Complaining is sort of a combination of objecting and disagreeing, only instead of being in real-time and direct it is usually after the fact and indirect and usually has a degree of anger resentment and abuse associated with it. We consider this is the poor man’s objection and usually results in malicious gossiping within the organisation.
MODERATORS & Jargon
Moderators: DECARRT are our agreed-to moderators and require us to be mindful of them when engaging with our proposals and disagreeing with other’s proposals.
Daring, Enjoyable, Considered, Accountable, Responsible, Reasonable, Transparent
DCOS: is the name we give for activating an objection for unacceptable behavior relative to DECARRT.
DCOS stands for Daring, Caution, Object, Stop and needs to be use consecutively ie
we cannot Object or Stop without using a caution first. Basically it is 3 strikes and we are out. Or similar to a free kick, yellow card and red card in soccer.
Being accountable for DCOS requires the offender to:
Acknowledge a Caution
Say sorry for an Objection
Give an acceptable apology for a Stop.
Acceptable Apology: Where the receiver has the option to simply accept or reject the apology on what ever grounds and consists of the offender stating:
1. What they did
2. Why they did it
3. What they will do next time
ALIN = Angry, Lie Ignore or Nag
Failing to use our agreed to moderators will result in Anger, Lies, Ignoring or Nagging and should result in us DARING to one of our Objections DCOS starting at a CAUTION, next up is to OBJECT, and finally is STOP.
Put It All Together
So, back to our initial question, what do we do when our boss tells us to shut the f up?Imagine we had our agreements in place, within our organisation, to encourage dissent, this is how it would proceed. Instead of the abused getting (ALIN) Angry in this case, the offended could CAUTION, using and unemotional statement of “I caution you” should be sufficient to to let your boss know that his or her behavior is unacceptable. Your boss can then choose to inquire why there is an objection and has a choice to acknowledge the caution, which was on the grounds that his or her reaction to the dissent was not according to our DECARRT moderators (not enjoyable or considered for example). If the boss can acknowledge the poor behavior we can continue the discussion. However if your boss did not think your caution was sustainable or warranted, the offended could OBJECT next and ultimately STOP the discussion.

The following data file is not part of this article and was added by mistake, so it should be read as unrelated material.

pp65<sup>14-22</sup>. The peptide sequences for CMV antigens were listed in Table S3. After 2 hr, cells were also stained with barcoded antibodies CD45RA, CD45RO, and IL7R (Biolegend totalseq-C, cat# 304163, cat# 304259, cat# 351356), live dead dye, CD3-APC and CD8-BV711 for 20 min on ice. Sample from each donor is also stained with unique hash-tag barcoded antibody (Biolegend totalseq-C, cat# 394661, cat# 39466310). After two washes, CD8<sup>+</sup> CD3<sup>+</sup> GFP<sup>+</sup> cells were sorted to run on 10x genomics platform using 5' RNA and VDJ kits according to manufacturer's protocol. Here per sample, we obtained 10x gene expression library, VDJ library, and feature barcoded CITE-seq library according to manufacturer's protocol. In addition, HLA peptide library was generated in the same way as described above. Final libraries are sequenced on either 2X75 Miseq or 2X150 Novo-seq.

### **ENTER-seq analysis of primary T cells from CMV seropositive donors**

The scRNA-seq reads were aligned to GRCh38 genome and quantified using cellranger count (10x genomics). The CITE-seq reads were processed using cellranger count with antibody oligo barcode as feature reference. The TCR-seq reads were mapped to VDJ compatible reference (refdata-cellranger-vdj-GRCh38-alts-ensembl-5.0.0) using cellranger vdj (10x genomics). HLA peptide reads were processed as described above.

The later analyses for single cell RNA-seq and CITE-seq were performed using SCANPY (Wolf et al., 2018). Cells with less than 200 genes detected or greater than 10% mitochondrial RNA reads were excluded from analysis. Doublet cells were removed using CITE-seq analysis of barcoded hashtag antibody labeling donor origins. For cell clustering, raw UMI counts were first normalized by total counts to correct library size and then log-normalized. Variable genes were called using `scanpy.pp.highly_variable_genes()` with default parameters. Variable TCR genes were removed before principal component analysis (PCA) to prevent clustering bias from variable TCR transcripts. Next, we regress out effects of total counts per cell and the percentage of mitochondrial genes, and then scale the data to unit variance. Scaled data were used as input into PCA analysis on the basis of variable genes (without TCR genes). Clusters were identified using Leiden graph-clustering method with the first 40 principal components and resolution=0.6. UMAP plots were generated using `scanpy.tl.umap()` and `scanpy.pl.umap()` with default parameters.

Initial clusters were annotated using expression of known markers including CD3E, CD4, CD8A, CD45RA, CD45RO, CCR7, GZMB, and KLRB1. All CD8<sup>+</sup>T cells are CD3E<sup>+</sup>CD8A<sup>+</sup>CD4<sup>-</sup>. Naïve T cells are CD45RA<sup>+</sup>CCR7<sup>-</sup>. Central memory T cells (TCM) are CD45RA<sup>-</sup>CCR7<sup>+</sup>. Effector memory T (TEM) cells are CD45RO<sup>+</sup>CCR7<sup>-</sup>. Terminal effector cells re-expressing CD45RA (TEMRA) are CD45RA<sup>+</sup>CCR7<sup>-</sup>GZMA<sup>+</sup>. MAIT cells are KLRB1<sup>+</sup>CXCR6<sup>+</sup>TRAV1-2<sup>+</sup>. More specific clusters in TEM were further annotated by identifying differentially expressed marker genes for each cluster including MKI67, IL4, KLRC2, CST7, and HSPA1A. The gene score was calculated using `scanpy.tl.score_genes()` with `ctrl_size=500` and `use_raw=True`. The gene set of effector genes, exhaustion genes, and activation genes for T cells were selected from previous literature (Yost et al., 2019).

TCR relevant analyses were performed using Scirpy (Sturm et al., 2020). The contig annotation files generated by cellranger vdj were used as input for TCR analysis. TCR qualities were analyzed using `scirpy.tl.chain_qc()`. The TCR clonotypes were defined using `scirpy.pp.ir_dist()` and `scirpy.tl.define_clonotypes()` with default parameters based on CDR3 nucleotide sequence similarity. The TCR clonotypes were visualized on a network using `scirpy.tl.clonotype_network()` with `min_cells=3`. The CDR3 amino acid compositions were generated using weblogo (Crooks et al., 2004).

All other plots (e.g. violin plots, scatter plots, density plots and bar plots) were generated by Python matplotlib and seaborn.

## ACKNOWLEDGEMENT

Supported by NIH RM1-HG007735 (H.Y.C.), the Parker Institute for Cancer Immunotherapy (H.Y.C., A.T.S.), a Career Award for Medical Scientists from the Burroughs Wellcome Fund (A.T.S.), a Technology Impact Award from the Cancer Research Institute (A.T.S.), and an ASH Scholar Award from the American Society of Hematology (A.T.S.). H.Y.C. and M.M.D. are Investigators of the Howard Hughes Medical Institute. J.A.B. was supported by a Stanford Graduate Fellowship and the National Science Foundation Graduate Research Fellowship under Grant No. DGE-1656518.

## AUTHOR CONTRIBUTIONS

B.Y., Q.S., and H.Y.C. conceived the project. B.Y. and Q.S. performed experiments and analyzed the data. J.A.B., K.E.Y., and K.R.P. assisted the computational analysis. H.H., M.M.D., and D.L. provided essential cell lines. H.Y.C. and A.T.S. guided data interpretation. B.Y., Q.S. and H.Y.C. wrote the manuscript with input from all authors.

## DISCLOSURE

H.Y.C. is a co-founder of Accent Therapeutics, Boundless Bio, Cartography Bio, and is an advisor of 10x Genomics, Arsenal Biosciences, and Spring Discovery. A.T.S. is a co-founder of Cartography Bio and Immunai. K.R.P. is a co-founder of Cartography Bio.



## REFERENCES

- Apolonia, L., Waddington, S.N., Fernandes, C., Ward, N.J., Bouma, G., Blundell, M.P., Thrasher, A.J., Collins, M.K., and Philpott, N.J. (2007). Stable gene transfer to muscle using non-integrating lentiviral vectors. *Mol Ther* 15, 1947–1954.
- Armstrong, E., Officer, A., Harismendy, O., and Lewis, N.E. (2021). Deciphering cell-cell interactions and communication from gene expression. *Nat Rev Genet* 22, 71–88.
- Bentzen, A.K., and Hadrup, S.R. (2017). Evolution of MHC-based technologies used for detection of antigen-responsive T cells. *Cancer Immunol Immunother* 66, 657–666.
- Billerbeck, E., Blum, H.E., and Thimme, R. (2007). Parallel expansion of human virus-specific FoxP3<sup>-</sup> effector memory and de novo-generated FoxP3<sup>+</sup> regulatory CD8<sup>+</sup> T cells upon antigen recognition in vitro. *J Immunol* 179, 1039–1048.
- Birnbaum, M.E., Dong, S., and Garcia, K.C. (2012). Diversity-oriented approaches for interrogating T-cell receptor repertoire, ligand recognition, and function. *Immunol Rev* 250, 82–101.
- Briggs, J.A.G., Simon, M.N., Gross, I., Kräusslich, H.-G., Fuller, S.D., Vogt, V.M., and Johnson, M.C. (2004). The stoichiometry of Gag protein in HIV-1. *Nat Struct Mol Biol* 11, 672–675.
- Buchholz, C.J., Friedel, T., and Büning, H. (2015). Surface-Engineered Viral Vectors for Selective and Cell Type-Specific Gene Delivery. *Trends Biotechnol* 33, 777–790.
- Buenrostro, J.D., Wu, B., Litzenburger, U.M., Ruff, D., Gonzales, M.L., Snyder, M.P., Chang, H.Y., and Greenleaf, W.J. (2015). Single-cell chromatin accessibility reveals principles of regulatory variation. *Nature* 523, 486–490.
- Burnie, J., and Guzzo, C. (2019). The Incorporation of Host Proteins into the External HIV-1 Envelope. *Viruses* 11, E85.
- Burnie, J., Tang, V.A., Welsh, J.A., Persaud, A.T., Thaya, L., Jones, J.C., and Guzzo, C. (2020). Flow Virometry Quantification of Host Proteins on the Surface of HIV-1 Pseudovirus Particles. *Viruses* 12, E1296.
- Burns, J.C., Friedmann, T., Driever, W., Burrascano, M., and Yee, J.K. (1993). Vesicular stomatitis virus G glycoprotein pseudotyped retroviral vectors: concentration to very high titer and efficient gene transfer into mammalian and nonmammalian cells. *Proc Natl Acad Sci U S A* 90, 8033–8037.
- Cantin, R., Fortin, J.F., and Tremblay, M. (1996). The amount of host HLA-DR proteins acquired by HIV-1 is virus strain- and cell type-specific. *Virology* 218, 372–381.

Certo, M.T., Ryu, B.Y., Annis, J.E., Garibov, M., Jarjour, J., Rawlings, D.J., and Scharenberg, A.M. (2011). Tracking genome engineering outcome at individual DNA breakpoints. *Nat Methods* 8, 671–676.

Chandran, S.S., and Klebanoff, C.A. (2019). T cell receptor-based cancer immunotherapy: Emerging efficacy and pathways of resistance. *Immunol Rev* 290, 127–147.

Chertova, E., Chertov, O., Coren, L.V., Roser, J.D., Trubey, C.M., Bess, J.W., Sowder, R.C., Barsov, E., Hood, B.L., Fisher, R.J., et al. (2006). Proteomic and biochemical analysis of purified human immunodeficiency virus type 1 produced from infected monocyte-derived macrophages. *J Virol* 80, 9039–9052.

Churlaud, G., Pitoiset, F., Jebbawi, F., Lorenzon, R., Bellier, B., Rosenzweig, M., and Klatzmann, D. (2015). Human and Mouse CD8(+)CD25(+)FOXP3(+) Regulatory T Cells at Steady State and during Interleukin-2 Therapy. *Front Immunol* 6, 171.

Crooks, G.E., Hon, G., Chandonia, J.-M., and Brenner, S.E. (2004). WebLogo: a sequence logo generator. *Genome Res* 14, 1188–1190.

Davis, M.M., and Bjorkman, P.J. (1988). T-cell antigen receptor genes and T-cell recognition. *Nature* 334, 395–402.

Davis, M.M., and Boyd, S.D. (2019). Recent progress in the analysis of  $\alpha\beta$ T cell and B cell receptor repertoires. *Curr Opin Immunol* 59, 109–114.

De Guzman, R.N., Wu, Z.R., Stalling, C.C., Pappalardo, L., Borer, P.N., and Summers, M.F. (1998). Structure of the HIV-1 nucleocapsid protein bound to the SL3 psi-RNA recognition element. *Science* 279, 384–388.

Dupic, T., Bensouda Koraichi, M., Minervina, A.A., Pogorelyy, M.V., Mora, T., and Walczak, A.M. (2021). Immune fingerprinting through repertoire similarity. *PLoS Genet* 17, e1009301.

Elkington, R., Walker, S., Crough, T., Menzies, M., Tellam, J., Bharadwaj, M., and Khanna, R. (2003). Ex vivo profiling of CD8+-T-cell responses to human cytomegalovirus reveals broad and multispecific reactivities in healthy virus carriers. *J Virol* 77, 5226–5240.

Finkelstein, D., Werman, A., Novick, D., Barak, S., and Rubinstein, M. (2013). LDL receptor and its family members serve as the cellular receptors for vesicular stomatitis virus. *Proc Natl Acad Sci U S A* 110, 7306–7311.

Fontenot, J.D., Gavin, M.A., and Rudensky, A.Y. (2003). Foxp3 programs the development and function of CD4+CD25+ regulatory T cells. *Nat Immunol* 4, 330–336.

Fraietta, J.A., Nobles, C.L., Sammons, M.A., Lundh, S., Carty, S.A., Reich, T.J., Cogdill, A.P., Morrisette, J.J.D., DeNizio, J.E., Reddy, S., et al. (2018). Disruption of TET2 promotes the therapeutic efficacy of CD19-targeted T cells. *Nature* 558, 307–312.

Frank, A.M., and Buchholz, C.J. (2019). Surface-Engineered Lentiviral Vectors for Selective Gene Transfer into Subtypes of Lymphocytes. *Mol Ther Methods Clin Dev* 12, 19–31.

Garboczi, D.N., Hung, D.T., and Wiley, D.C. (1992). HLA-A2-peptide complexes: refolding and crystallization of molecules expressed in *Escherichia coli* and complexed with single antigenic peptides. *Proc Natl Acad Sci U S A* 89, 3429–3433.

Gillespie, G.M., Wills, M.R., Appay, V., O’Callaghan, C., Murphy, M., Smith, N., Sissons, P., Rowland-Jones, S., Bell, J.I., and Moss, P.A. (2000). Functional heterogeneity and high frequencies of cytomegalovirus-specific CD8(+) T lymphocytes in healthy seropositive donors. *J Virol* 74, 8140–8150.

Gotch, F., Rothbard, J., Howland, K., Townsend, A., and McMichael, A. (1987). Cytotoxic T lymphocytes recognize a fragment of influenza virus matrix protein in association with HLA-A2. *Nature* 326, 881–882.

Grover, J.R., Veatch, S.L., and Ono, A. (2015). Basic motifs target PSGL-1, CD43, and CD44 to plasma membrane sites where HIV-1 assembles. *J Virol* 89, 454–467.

Resolve an Impasse
After the discussion was stopped, part of the Object Principle requires the objector to try resolve the issue with your boss on a one-on-one basis. If unsuccessful the objector can bring a witness or two to establish the issue. If successful, at this stage the boss would be required to give a more Acceptable Apology (see Moderators & Jargon). Or, if still unresolved, the objector can bring the boss before the organisation’s team of peers. If still unresolved the peers can decide if the boss had acted outside our moderators and ultimately decide their fate, with the power to remove the boss from their position. One would hope we would never need such drastic action but such assigned powers are part of our Object Principle.